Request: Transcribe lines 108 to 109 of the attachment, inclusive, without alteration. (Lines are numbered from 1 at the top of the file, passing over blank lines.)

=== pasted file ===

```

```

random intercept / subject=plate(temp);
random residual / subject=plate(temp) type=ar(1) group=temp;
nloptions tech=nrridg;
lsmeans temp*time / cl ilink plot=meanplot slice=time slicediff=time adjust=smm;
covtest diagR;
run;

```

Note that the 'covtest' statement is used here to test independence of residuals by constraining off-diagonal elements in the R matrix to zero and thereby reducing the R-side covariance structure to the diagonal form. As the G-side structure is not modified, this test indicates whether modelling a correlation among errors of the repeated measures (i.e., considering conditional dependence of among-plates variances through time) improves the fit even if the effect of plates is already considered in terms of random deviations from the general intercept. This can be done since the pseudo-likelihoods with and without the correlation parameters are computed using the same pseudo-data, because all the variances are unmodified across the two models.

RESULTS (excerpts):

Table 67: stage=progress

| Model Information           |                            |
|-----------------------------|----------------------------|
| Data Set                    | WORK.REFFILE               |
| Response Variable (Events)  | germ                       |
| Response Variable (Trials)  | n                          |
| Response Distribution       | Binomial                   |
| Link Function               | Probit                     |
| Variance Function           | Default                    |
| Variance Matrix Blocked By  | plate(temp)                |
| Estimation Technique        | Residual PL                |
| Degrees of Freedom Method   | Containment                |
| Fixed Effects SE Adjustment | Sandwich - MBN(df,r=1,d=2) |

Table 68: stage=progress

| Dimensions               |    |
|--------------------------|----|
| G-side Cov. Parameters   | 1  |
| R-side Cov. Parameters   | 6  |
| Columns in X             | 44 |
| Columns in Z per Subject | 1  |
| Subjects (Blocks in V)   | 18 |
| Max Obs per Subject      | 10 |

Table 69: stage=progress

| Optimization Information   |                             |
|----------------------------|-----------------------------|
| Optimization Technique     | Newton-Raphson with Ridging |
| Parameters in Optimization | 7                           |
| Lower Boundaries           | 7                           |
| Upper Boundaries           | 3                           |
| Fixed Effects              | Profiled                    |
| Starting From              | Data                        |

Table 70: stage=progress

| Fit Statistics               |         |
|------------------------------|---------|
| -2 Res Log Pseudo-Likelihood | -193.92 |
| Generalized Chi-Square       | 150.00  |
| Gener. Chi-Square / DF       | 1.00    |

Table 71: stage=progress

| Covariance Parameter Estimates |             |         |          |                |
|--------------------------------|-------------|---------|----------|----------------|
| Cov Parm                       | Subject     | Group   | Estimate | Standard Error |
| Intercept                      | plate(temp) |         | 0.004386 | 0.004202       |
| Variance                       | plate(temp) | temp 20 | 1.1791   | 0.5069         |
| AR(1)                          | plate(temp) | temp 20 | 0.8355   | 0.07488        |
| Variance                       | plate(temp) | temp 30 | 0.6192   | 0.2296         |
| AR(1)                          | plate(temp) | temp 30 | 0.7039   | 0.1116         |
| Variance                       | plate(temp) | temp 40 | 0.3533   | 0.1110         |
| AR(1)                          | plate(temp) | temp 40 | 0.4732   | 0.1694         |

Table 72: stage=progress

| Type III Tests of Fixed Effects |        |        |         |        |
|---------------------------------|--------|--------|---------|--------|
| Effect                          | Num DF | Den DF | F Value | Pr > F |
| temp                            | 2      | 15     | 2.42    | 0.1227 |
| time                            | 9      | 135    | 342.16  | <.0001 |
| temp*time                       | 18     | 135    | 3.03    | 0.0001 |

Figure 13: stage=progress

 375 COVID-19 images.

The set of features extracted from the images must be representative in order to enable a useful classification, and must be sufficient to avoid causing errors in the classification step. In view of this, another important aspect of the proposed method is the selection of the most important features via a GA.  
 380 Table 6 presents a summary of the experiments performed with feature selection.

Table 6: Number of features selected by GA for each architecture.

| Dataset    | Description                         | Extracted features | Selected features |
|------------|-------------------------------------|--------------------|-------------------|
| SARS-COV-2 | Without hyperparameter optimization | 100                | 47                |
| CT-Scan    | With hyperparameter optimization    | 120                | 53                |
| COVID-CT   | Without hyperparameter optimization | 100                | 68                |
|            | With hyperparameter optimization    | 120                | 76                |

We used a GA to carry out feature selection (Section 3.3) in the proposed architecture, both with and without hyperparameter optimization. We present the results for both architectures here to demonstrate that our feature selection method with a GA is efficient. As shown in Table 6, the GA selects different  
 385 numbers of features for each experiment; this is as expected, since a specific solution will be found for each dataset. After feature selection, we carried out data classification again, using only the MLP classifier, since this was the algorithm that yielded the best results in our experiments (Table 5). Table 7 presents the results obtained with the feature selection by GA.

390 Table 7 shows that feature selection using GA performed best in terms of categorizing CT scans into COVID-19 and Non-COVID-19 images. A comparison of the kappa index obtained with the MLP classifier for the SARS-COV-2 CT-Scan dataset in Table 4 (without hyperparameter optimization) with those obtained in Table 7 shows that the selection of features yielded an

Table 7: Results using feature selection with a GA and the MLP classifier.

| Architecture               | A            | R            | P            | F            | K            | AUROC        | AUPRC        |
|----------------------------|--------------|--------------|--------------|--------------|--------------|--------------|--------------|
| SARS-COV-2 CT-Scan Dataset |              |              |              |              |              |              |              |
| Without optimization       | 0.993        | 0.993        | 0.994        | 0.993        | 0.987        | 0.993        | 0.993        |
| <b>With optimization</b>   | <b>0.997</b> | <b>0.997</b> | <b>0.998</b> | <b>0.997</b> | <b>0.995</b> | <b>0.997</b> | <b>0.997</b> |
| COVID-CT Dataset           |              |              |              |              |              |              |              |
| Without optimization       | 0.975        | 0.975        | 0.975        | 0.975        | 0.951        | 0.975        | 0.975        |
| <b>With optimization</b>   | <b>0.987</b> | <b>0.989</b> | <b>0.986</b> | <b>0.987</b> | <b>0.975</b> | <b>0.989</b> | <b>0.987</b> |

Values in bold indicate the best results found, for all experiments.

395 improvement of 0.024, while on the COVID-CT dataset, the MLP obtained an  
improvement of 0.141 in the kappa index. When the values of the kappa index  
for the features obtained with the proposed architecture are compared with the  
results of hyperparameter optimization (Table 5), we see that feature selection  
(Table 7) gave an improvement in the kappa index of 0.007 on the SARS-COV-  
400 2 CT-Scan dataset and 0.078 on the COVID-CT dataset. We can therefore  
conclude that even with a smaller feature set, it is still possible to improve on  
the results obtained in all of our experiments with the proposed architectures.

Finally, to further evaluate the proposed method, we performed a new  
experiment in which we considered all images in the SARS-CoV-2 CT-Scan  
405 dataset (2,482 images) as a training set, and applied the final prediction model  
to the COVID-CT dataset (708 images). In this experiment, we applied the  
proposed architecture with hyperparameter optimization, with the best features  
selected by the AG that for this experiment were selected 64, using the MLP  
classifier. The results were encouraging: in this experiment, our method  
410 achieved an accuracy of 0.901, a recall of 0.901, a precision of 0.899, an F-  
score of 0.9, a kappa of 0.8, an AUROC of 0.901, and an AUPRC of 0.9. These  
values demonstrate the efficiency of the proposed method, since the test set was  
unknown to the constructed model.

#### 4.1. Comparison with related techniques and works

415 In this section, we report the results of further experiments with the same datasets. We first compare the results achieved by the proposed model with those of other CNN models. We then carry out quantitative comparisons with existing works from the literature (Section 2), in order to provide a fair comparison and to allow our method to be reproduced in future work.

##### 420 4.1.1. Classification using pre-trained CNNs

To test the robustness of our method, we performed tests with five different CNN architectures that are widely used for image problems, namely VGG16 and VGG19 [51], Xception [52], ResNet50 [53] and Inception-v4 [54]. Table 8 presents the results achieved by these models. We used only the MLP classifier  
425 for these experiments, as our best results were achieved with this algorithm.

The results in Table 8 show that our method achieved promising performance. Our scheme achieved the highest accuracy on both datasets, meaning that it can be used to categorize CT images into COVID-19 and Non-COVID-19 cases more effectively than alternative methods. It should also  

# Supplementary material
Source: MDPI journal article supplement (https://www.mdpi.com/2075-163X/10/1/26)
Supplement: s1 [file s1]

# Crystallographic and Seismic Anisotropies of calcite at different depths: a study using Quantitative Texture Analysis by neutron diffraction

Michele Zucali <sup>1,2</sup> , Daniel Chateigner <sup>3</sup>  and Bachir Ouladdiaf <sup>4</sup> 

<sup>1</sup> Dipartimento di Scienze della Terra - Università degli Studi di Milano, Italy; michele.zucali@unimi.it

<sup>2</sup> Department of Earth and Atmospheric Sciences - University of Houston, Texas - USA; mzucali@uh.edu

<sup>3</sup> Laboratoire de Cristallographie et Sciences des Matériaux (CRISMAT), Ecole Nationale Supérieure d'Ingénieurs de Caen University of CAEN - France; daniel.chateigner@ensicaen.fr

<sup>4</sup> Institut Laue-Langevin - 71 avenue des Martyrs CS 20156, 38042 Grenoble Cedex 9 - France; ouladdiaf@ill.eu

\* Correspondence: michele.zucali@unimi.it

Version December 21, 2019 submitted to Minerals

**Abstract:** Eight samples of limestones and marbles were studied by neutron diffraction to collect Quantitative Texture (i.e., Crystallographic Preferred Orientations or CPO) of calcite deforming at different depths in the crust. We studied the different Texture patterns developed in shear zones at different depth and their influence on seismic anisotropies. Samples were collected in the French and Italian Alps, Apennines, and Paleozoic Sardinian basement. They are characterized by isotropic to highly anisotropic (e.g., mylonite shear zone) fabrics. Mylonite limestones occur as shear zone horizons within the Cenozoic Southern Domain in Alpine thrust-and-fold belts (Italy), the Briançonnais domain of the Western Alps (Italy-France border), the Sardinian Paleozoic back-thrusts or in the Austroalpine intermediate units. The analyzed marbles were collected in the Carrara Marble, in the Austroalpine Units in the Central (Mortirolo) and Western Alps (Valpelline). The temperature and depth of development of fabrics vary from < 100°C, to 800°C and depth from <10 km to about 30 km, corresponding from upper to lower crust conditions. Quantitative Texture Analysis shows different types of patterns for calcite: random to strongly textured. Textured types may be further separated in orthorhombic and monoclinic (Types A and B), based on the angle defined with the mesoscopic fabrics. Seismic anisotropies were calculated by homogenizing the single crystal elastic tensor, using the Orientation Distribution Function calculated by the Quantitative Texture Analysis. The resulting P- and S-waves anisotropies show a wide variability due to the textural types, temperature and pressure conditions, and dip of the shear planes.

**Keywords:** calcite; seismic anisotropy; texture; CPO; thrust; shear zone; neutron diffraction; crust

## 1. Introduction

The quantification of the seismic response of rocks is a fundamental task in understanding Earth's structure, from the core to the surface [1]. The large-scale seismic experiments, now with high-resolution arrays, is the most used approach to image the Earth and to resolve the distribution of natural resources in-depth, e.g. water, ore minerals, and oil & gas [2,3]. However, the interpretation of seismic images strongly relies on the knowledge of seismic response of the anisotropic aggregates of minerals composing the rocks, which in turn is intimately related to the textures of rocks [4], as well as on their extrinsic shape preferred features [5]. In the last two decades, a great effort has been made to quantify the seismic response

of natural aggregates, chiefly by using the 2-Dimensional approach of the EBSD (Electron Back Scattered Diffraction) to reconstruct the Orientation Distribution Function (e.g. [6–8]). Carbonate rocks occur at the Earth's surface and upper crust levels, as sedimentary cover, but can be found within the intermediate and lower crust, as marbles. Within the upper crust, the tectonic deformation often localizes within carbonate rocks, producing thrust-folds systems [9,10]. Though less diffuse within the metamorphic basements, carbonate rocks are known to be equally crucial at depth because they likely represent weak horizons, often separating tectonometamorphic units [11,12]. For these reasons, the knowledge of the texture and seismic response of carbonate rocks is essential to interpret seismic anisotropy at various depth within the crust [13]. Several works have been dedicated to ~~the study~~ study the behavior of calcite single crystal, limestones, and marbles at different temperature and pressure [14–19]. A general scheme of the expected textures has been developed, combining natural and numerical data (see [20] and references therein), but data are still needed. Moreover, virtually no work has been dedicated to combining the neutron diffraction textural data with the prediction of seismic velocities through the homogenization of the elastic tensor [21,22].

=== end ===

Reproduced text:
values demonstrate the efficiency of the proposed method, since the test set was  
unknown to the constructed model.